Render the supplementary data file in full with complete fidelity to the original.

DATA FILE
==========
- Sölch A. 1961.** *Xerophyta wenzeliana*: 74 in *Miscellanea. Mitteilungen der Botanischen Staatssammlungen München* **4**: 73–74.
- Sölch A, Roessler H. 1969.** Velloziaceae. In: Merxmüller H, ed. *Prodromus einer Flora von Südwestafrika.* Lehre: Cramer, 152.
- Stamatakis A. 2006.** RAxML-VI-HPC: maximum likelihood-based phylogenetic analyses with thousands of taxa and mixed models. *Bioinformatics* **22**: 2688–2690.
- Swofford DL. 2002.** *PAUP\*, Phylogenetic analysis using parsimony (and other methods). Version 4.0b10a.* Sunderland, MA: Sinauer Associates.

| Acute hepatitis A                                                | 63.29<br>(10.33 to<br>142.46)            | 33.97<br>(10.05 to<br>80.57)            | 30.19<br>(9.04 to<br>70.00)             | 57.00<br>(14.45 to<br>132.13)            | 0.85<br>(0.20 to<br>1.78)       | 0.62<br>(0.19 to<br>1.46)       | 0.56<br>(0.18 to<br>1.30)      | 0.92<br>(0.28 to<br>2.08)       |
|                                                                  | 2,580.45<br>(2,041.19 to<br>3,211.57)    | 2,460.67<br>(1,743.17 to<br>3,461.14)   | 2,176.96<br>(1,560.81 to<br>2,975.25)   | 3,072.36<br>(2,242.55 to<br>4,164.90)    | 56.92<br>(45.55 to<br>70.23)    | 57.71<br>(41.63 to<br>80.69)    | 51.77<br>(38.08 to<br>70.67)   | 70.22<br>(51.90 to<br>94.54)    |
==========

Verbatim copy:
- Sölch A. 1961.** *Xerophyta wenzeliana*: 74 in *Miscellanea. Mitteilungen der Botanischen Staatssammlungen München* **4**: 73–74.
- Sölch A, Roessler H. 1969.** Velloziaceae. In: Merxmüller H, ed. *Prodromus einer Flora von Südwestafrika.* Lehre: Cramer, 152.
- Stamatakis A. 2006.** RAxML-VI-HPC: maximum likelihood-based phylogenetic analyses with thousands of taxa and mixed models. *Bioinformatics* **22**: 2688–2690.
- Swofford DL. 2002.** *PAUP\*, Phylogenetic analysis using parsimony (and other methods). Version 4.0b10a.* Sunderland, MA: Sinauer Associates.

| Acute hepatitis A                                                | 63.29<br>(10.33 to<br>142.46)            | 33.97<br>(10.05 to<br>80.57)            | 30.19<br>(9.04 to<br>70.00)             | 57.00<br>(14.45 to<br>132.13)            | 0.85<br>(0.20 to<br>1.78)       | 0.62<br>(0.19 to<br>1.46)       | 0.56<br>(0.18 to<br>1.30)      | 0.92<br>(0.28 to<br>2.08)       |
|                                                                  | 2,580.45<br>(2,041.19 to<br>3,211.57)    | 2,460.67<br>(1,743.17 to<br>3,461.14)   | 2,176.96<br>(1,560.81 to<br>2,975.25)   | 3,072.36<br>(2,242.55 to<br>4,164.90)    | 56.92<br>(45.55 to<br>70.23)    | 57.71<br>(41.63 to<br>80.69)    | 51.77<br>(38.08 to<br>70.67)   | 70.22<br>(51.90 to<br>94.54)    |